South Korea is at a crossroads. After nearly a decade of conservative rule, the stage appears set for the return of a liberal government. An influence-peddling and corruption scandal mobilized millions of anti-government protesters and led eventually to the legislature’s impeachment of President Park Geun-hye. Two former presidential aides have been arrested and prosecutors are investigating the vice chairman of the electronics conglomerate Samsung, Lee Jay-yong, on bribery and embezzlement charges related to the scandal. Amidst the fallout, support for the president has plummeted and the ruling Saenuri Party has split.
Scandal engulfed the domestic political scene after the revelation last October of evidence that showed Park had been consulting a longtime family friend and private citizen, Choi Soon-sil, on confidential affairs of state. Subsequent investigations found evidence that Choi, in cooperation with presidential staff and possibly the president, had extorted more than $50 million from South Korean conglomerates. Park was impeached on December 6, 2016 with 234 members of the 300-member National Assembly casting their votes in favor of the motion. With Park relieved from her official responsibilities as head of state while the impeachment motion is considered by the Constitutional Court, Prime Minister Hwang Kyo-ahn is acting president until a decision is rendered.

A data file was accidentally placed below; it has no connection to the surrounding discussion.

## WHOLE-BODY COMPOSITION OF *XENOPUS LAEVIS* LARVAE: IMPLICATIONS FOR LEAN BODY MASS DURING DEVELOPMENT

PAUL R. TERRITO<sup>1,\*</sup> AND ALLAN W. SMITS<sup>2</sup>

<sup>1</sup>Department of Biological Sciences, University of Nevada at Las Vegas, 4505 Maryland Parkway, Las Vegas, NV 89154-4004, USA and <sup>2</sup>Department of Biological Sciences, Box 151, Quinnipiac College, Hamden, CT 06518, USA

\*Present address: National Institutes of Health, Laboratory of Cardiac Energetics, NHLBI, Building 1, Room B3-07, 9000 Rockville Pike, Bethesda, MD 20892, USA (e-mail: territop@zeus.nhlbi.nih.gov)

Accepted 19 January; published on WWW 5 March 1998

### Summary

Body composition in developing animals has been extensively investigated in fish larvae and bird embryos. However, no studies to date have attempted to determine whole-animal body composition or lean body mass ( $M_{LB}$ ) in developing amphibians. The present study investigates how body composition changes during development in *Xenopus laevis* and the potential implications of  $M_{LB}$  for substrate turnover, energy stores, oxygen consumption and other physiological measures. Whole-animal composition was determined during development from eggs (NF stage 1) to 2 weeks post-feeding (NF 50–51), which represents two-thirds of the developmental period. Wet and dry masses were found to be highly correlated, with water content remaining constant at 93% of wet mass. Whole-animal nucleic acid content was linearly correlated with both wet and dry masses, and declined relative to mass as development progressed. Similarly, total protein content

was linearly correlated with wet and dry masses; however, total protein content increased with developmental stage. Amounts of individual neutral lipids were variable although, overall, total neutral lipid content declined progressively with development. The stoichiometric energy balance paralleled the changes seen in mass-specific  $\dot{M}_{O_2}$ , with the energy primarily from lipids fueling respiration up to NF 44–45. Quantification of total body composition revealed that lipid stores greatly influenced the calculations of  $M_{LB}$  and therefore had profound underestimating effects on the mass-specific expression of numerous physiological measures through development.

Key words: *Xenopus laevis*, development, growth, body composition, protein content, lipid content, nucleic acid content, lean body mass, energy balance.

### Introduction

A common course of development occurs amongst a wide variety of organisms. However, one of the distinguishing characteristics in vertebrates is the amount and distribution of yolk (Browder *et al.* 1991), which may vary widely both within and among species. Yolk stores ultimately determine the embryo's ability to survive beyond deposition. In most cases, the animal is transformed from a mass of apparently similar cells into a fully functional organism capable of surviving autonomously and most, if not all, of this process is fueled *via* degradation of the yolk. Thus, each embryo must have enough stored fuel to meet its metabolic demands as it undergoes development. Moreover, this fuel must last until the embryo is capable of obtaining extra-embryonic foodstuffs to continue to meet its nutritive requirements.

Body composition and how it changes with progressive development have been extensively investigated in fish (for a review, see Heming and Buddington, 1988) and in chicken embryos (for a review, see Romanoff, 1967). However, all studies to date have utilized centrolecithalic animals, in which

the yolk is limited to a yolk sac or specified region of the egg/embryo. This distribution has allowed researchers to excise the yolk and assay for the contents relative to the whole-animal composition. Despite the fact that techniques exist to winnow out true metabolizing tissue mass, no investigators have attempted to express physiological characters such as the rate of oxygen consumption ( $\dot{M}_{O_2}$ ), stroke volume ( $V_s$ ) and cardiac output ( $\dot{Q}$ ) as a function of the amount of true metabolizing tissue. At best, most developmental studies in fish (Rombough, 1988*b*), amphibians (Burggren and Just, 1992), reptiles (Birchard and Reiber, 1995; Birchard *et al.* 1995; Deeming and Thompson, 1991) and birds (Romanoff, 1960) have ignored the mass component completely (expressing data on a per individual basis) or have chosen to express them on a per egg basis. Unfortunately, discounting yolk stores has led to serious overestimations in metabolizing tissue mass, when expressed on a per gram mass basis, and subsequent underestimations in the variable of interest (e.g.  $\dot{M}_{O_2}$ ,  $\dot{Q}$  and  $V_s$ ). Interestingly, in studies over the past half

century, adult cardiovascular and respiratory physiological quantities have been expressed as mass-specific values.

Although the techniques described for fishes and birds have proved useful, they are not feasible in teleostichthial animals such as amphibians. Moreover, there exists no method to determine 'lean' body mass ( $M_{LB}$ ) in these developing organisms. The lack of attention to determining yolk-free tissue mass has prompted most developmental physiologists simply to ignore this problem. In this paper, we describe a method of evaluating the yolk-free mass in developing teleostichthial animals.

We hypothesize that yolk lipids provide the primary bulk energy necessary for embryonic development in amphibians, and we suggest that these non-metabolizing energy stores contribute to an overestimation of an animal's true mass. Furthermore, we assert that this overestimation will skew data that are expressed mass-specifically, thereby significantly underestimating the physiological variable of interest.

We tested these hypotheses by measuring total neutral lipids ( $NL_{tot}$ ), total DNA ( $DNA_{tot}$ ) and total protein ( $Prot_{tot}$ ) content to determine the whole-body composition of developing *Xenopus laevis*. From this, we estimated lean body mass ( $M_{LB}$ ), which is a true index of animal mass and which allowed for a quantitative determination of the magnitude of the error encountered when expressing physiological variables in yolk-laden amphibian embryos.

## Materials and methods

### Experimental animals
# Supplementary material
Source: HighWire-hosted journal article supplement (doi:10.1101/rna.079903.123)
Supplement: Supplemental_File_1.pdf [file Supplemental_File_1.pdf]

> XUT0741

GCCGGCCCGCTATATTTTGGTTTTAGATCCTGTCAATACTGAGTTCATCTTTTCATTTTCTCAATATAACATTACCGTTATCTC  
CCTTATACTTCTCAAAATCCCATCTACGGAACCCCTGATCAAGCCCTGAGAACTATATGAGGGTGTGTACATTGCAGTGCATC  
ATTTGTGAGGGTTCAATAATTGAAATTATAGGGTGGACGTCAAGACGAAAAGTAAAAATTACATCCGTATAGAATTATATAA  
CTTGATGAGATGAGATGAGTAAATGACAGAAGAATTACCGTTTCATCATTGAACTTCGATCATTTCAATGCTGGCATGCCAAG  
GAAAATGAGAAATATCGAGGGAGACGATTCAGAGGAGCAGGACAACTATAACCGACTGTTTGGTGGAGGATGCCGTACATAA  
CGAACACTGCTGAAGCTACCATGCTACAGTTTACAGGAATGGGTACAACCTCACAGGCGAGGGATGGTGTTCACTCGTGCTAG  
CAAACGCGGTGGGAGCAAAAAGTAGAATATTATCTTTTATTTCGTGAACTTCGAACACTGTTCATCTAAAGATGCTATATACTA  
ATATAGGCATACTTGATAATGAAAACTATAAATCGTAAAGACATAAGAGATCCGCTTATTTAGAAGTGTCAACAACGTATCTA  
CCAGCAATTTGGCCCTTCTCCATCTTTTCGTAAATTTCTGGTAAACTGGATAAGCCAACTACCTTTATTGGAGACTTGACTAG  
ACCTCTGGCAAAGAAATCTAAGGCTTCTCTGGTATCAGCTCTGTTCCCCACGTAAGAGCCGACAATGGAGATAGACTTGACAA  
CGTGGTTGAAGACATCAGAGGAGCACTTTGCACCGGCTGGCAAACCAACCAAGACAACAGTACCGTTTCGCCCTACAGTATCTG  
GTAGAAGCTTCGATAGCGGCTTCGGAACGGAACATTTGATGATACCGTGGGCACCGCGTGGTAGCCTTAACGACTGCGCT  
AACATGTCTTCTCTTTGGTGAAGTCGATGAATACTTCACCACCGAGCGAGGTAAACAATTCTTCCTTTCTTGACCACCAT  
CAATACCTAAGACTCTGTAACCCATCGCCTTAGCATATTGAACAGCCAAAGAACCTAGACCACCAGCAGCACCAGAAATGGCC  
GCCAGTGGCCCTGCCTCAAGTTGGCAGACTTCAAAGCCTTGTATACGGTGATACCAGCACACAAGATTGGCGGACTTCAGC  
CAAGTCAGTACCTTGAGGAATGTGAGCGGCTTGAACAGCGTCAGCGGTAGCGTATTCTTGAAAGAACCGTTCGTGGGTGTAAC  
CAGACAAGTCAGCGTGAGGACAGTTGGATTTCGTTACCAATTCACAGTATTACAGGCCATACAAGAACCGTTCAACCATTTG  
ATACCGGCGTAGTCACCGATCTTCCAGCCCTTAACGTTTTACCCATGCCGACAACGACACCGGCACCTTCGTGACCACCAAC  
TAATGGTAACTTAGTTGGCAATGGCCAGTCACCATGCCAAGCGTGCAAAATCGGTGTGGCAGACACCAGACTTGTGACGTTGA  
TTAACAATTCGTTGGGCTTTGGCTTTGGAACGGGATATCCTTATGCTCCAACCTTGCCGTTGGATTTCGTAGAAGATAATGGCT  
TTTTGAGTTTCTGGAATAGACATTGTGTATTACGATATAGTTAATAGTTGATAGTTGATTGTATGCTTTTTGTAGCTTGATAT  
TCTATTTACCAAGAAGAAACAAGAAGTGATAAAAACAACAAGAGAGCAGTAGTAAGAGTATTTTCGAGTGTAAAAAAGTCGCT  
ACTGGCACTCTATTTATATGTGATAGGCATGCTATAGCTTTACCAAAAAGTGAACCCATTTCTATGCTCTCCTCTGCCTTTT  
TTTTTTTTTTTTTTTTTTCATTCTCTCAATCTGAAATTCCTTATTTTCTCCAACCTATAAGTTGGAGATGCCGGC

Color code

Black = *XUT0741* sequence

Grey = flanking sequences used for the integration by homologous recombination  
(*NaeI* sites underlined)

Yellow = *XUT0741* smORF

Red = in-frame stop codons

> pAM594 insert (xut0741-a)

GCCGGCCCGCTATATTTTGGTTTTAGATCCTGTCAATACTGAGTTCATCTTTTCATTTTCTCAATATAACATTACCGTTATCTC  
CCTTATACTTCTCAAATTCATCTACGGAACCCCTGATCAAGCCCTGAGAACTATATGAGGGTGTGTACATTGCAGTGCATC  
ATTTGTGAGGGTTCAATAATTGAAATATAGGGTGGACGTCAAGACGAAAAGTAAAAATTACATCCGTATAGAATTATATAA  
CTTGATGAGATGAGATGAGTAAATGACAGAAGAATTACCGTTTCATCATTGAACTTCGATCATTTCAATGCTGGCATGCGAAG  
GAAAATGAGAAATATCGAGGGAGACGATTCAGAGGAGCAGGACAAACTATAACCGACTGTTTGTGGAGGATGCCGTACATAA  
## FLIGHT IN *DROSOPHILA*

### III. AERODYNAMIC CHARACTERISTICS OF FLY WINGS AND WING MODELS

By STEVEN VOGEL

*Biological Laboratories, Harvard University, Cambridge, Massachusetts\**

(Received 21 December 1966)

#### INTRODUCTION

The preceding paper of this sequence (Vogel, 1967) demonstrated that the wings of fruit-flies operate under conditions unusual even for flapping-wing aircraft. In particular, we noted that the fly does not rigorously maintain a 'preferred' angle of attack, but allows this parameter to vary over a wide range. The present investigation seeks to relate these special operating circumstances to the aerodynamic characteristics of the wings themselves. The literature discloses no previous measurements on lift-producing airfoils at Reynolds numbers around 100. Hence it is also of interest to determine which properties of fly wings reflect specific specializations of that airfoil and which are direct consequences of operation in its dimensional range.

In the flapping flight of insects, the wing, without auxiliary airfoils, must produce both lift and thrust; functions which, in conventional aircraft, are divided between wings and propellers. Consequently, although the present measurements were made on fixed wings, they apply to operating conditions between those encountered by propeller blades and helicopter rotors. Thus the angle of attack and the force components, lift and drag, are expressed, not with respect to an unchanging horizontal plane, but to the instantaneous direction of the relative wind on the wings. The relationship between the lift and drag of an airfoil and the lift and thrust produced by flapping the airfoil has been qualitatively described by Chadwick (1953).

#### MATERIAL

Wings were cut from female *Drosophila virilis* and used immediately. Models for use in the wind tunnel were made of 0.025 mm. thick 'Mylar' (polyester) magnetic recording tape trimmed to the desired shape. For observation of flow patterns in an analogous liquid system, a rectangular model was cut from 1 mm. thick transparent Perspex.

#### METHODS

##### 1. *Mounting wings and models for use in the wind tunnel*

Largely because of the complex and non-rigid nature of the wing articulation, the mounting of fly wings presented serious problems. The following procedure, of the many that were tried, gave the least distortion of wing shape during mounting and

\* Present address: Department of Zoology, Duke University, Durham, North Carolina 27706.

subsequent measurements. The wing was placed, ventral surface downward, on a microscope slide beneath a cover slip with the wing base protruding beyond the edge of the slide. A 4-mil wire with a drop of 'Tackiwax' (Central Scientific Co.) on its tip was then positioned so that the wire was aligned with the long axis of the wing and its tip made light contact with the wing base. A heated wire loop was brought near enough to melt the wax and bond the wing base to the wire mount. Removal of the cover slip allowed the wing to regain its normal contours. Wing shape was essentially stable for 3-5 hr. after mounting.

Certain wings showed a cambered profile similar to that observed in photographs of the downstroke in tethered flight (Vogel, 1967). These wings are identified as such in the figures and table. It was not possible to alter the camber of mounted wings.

The Constitutional Court has until June to decide whether to uphold the motion and remove the president, or strike it down and have Park reinstated. If the Court votes in the affirmative, snap elections must be held within 60 days. This means an early presidential election. If she is reinstated, Park will limp to the conclusion of her five-year term as a discredited lame duck, and the presidential election will be held on December 20, as originally scheduled. Presidents in South Korea are limited to one term, so there was never any consideration of a reelection campaign.